Smoking’s grip can be fierce

Published 12:00 am Wednesday, March 20, 2002

Smoking will kill you.

Wednesday, March 20, 2002

Smoking will kill you.

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Yes, I’m taking a stand on smoking and I will tell you why. But, first I will tell you that I was a smoker – a pack a day at the most and more of course when I had a drink.

Both of my parents smoked. Mom smoked Raleighs and Pall Malls. Dad smoked Camels. I remember, as a child, liking the smell of a cigarette when it was first lit.

The one realization of the smell came to me when I was teaching church classes and one of my students smelled smoky. I saw her mother drop her off at classes and she was smoking.

My kids smelled like that when I smoked.

My mother smoked heavily and spent most weekends at my house. The Friday I quit, I asked her not to come that weekend. It would be too hard to be around another smoker. Three or four times over the previous 15 years I had tried to quit and was unsuccessful. This time proved to be a success, but like any other addiction, backsliding is an ever-present threat.

Mom and dad smoked back when the Army issued cigarette rations to the soldiers. Their smokes were compliments of Uncle Sam.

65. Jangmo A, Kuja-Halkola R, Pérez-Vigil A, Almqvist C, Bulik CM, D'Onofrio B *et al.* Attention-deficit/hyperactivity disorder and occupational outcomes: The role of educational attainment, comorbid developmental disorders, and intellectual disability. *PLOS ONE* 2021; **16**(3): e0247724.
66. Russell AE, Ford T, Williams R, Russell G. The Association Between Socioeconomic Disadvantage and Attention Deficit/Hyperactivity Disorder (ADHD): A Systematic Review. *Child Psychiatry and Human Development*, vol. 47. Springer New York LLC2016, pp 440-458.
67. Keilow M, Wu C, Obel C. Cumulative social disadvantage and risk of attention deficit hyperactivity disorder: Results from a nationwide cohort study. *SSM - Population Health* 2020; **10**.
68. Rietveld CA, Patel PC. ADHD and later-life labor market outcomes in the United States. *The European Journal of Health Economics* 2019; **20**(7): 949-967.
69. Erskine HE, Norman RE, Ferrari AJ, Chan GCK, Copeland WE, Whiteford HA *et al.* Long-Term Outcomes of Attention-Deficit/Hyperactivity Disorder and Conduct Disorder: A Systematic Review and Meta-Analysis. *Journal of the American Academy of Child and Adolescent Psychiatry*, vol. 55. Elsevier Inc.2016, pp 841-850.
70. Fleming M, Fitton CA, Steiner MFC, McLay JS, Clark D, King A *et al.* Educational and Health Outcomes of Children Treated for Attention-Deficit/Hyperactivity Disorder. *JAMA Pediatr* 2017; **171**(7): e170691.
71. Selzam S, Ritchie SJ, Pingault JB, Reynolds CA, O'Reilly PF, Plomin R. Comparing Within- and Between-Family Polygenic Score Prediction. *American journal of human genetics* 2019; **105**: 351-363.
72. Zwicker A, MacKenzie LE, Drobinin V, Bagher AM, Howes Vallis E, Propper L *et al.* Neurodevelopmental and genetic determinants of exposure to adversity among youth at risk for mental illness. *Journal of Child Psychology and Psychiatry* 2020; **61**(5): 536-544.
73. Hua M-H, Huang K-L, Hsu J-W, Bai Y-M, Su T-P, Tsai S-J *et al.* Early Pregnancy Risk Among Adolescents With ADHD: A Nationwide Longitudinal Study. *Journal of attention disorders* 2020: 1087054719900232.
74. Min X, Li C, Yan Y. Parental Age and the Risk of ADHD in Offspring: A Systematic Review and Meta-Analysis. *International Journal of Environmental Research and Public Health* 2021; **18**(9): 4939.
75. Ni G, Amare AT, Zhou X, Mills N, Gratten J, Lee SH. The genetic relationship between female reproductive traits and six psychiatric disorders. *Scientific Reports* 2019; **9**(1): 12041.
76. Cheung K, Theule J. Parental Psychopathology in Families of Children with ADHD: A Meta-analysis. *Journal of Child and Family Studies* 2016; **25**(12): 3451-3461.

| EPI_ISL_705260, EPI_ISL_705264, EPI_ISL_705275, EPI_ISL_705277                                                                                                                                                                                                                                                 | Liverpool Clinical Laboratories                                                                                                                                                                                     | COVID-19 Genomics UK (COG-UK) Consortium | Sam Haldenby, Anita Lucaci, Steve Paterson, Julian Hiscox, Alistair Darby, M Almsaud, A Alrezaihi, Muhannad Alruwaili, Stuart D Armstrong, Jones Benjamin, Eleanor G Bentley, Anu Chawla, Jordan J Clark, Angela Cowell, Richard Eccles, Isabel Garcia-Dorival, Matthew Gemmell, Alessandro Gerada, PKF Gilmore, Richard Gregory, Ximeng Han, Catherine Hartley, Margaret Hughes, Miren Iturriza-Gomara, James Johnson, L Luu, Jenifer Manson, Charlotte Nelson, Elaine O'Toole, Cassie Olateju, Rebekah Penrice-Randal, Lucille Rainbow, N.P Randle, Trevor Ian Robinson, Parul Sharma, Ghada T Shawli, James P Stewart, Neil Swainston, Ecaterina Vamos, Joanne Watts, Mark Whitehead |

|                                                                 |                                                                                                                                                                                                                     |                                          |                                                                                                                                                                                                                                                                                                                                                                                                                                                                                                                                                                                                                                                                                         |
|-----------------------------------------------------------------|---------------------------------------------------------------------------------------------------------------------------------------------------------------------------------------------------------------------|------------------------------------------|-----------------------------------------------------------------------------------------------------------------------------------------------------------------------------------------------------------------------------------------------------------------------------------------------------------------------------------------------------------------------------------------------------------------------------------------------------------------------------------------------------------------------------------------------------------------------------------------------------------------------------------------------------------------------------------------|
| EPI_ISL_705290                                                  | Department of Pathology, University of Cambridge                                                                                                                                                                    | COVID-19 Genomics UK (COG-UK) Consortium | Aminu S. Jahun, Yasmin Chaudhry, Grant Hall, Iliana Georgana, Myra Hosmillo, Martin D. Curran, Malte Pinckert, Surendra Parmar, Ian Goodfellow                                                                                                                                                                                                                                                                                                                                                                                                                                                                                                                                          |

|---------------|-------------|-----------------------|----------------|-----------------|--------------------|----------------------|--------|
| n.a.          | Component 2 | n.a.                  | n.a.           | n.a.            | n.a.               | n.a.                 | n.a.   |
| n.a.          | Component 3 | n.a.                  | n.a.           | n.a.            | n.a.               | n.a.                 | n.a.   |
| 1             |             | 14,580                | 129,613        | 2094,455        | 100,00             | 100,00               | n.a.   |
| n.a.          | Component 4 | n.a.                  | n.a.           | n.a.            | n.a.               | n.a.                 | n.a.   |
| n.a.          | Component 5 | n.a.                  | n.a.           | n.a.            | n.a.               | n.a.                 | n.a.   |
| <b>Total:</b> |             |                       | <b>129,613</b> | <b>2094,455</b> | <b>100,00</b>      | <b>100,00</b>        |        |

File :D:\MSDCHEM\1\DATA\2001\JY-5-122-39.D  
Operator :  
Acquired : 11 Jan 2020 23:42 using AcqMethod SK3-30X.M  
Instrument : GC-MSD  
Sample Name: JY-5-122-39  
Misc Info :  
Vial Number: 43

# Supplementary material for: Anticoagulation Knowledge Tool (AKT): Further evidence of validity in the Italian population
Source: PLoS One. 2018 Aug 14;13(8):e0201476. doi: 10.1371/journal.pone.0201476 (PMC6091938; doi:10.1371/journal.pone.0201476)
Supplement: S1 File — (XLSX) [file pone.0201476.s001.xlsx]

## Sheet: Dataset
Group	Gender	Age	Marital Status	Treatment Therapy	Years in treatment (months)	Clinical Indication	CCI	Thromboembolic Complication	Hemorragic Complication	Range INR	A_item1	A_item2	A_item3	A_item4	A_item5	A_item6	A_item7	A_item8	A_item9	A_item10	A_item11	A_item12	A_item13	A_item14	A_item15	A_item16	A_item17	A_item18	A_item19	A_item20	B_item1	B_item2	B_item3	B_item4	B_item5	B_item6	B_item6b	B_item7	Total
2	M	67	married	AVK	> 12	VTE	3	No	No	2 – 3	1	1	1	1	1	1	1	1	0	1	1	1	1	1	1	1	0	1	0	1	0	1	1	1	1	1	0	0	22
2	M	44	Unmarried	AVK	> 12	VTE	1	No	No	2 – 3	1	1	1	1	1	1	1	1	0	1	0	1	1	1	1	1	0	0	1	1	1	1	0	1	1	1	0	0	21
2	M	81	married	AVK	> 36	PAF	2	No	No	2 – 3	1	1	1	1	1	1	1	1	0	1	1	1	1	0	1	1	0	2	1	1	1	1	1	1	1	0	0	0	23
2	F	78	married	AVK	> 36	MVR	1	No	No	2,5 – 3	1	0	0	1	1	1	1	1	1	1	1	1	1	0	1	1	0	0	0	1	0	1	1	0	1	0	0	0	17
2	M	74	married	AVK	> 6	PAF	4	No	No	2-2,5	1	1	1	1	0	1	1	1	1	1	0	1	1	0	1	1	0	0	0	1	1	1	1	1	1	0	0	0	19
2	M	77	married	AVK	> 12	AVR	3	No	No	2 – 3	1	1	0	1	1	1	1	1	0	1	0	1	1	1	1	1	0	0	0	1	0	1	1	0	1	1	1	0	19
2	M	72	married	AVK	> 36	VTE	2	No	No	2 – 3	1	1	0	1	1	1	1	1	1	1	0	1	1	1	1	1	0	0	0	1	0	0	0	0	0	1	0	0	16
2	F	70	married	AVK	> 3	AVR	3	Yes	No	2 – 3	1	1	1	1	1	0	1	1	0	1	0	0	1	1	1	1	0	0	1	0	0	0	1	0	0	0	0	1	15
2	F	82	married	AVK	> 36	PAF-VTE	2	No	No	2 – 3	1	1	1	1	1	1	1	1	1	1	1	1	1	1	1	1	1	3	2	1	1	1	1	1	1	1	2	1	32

Most of my brothers and sisters and mom’s friends could tell mom’s lungs were not in good shape. She would cough until she couldn’t breathe. We all suspected emphysema.

In 1987, I went with her to the doctor because of her recurrent bronchitis. She was scared and finally admitting that her smoking was a problem.

The doctor only confirmed what we all knew to be true. She had emphysema. He gave her the prognosis. She had two years to live if she continued smoking. She would have more frequent bouts of bronchitis, pneumonia and would have to be hooked up to an oxygen tank to support her breathing.

However, he told her, if she quit smoking, her health would decline, though not as rapidly and she may have as many as 10 good years. She was 62.

The ride home was a somber one. I drove. Mom was quiet. A few blocks from home she said, "Gussie, I’m so sorry I’ve done this to you kids."

She was looking at the big picture – her mortality, all of her children smoked except me – the years of disability that faced her – oxygen, nursing care. Tears rolled down her cheeks. It was hard to watch the woman cry, the strong, independent woman who singled-handedly held her family of seven together after our father disappeared. I stopped the car right there and I cried, too.

She quit smoking for a week. My brother came to visit her a week later. She resumed smoking.

Even with a death sentence, this highly addictive drug holds its prey fiercely and firmly.

In 1990, mom died. She was 65. She had a major stroke.

I tried over the next few months to piece together the reason for the stroke.

Her doctor said. "It’s simple. She died from smoking. It caused her stroke."

For those of you who have a friend or family member who is trying to quit, be supportive. Don’t cajole. Don’t criticize. Don’t be negative and wonder why that person can continue to smoke with all the evidence that links smoking to death and disease. It is a powerfully addictive, and sneaky drug.

Do wonder though, why the FDA outlaws things like saccharine, thalidomide and red dye – things that have been proven dangerous to your health and not tobacco.

Do tobacco lobbyists sleep at night?

Ailene Dawson’s column appears on Wednesdays